Wheel Horse Rye Whiskey

Wheel Horse Rye Whiskey

Boston-based Latitude Beverage is launching Wheel Horse Rye, its first whiskey, this month.

And it’s made at Owensboro’s O.Z. Tyler Distillery.

Last fall, Duke Spirits unveiled its new bourbon and rye, made at O.Z. Tyler from a recipe created by actor John Wayne in 1962.

And Jacob Call, master distiller and director of operations at O.Z. Tyler, said he expects several other national companies to announce whiskeys made at the distillery before the year ends.

“New exciting things are happening here,” he said. “We just had another group in yesterday talking with us.”

A Lattitude news release says, “Wheel Horse is a straight rye whiskey, traditionally crafted by Master Distiller Jacob Call, a third-generation distiller and seventh-generation Kentuckian.”

Call said it was a recipe that he had created earlier that Latitude wanted to use.

“Bottled at 101 proof, the small batch sour mash whiskey is made with a grain bill of 95% rye and 5% malted barley,” the news release.

That’s different from traditional rye whiskey, which is made with 51% rye, Call said.

A recent review in Paste Magazine praised the new rye.

“On the nose, this is a modern, high-rye whiskey for sure,” it says. “Big peppery rye and lots of baking spices hit big immediately, with ‘charred cinnamon stick’ appearing prominently. Orange essential oil and black cherry fruitiness announce their presence as well, but the really big note is a fairly intense brown sugar sweetness. It certainly projects more of a sense of richness than I was expecting.”

It concludes, “All in all, this wasn’t quite the dryer, spicier rye I was expecting, but I found myself charmed by it regardless. Certainly, this is very flavorful, and much richer in profile than something like Rittenhouse. That’s a bit against the prevailing cocktail culture when it comes to use in classic rye cocktails, but I actually think it’s likely to acquit itself very well in them regardless. All in all, I’d say I like this even more than the Old Forester Rye when it comes to selecting a budget cocktail rye, and I think it could have challenged for the top spot in our blind tasting of cheap ryes had it been available then.”

Wheel Horse is aged two to three years at O.Z. Tyler.

Call said production began soon after the distillery opened in 2016.

“America has seen a resurgence of rye whiskey over the past decade, and there’s no end in sight to its impressive growth,” Terry Lozoff, Latitude Beverage’s vice president of marketing and spirits director, said in a news release. “We are excited to enter this category, and even more excited to be doing so in partnership with O.Z. Tyler; a distillery with roots dating back to the late 1800s, and that once produced whiskeys for historic brands like Ezra Brooks, Green River and Old Medley. We are proud that Wheel Horse is the first aged rye to come out of the fully restored O.Z. Tyler.”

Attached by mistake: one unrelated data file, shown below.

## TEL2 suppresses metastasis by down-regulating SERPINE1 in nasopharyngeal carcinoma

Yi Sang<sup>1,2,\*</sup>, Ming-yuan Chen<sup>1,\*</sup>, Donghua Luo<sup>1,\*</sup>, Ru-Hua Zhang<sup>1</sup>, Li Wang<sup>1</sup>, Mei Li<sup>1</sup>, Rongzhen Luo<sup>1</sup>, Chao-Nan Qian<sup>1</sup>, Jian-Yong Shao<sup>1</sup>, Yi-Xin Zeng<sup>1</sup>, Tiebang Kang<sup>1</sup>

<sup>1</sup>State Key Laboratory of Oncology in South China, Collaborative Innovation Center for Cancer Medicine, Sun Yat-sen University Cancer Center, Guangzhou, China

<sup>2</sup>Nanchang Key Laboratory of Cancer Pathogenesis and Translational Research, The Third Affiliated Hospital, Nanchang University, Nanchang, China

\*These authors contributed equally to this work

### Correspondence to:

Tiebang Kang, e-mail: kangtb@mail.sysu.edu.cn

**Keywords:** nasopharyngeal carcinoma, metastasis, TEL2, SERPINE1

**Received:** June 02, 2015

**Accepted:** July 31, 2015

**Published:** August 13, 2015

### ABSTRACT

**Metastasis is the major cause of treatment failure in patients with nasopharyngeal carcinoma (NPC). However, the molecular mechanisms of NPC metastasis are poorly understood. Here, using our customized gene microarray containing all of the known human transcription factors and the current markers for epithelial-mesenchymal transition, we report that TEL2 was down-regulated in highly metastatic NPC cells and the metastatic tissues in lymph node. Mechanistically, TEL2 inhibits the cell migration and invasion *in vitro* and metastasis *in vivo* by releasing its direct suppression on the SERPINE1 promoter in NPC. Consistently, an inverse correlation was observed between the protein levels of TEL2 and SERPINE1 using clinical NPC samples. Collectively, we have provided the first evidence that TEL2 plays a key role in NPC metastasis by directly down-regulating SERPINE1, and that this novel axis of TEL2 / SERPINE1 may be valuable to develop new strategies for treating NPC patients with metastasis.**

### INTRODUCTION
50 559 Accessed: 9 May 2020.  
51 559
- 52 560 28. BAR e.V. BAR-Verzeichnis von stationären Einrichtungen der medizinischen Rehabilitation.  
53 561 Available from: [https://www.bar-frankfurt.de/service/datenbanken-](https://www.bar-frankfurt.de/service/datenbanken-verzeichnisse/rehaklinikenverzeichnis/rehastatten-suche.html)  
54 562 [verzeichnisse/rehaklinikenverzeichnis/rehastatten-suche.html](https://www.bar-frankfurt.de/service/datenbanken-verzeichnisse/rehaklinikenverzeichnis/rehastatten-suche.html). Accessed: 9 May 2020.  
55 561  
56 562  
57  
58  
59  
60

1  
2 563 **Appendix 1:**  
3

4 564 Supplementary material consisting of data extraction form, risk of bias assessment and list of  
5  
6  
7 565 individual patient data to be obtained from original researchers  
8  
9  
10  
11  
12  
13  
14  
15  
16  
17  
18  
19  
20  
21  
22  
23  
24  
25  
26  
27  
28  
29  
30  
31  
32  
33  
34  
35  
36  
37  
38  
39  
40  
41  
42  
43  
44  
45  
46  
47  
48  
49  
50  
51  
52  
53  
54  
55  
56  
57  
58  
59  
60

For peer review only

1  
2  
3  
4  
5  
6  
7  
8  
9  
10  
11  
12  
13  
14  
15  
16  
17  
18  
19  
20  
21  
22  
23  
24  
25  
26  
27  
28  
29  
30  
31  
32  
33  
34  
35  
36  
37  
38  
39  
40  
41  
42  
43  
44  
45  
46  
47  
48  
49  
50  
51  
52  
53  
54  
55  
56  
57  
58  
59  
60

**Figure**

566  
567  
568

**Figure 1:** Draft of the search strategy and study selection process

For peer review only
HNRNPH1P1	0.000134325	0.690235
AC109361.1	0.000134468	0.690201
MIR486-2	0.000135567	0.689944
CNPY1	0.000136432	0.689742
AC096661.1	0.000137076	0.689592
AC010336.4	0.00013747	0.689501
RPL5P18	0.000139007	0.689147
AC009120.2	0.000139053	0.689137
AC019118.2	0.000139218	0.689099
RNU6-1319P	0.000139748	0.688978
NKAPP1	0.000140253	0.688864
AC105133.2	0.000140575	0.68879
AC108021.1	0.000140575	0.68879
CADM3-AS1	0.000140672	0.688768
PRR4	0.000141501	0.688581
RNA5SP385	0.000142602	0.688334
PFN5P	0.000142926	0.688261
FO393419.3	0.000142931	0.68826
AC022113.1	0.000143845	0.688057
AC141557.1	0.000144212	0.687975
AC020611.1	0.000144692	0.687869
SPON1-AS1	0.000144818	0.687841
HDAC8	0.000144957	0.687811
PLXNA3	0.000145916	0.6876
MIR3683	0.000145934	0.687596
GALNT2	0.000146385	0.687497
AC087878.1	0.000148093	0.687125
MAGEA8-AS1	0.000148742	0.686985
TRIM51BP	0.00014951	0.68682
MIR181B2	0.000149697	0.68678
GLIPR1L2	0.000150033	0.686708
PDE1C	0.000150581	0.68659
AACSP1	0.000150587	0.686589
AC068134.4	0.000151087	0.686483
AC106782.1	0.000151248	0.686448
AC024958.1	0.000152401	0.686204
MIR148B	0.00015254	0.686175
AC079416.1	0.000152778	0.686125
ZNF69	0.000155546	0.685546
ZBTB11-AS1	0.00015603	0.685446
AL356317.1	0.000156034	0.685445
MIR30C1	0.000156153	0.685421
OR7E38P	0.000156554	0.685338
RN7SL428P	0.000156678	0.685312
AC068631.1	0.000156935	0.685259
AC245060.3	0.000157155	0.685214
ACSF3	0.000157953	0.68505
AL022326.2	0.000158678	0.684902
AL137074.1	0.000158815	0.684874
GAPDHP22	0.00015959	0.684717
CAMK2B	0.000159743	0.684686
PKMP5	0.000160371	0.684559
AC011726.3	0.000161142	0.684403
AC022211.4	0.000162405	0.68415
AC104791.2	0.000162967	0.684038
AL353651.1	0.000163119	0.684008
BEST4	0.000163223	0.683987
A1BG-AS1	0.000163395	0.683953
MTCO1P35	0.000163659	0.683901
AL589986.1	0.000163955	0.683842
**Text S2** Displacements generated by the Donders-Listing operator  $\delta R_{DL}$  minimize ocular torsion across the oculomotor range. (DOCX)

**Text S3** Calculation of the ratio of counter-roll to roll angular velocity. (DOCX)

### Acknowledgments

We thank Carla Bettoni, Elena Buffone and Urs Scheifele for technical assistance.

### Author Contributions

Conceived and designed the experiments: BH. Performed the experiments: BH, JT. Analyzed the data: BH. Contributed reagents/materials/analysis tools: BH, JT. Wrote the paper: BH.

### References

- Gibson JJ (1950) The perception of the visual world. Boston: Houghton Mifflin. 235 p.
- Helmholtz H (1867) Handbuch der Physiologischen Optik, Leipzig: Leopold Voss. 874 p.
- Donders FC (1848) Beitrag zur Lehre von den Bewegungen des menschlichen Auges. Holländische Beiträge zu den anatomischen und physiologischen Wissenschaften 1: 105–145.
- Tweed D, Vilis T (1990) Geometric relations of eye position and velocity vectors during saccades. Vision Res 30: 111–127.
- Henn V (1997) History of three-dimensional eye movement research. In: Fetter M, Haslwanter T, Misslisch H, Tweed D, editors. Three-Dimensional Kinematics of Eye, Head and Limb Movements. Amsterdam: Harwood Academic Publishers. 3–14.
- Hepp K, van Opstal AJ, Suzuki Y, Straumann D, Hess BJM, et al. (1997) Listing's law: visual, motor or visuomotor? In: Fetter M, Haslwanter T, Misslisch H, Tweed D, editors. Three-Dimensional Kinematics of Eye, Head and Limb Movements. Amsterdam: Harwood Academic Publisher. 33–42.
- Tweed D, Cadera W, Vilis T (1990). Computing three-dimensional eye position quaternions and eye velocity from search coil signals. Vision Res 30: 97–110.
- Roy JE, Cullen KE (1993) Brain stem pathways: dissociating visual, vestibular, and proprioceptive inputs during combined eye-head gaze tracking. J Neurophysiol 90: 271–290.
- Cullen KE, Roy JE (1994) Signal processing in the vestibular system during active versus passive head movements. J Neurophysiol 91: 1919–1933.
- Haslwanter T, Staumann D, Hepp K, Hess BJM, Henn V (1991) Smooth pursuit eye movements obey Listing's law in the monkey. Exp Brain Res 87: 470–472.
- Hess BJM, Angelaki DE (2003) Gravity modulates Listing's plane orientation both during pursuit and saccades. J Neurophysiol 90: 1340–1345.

The whiskey will be sold throughout the Northeast as well as in Colorado, California and Illinois, the news release said.

The 750-milliliter bottles are expected to retail for $27.99.

Lattitude also owns 90+ Cellars, Lila Wines, Iron Side Cellars and Steel Dust Vodka.

The news release said, “In the coming years, we plan to release more whiskeys that celebrate this great, historic distillery (O.Z. Tyler) and the new path that it is on.”

Call said they’re working on several things for the future.

Last year, Forbes magazine wrote, “The rye whiskey industry never recovered from Prohibition. The absence of aged inventories put them at a disadvantage against foreign producers, while a government policy of encouraging corn production further hampered rye growers. Bourbon was easier to distill than the notoriously fickle rye and cheaper to produce.”

It added, “By 2006, rye sales had declined to virtually nothing. That year bourbon outsold rye whiskey by more than a 100-to-1 ratio. Rye whiskey’s fortunes were about to turn, however. By 2009, sales of rye whiskey had inched up to 88,000 9-liter cases, according to the Distillers Council of the US. That was still a paltry $15 million in sales, about as much bourbon as was sold on a good weekend. Sales increased steadily, however. By 2018, rye whiskey sales had soared to over 1.057 million cases, a 12-fold increase.”

Call said the popularity of rye is linked to the growing “cocktail culture” because it works well in mixed drinks.

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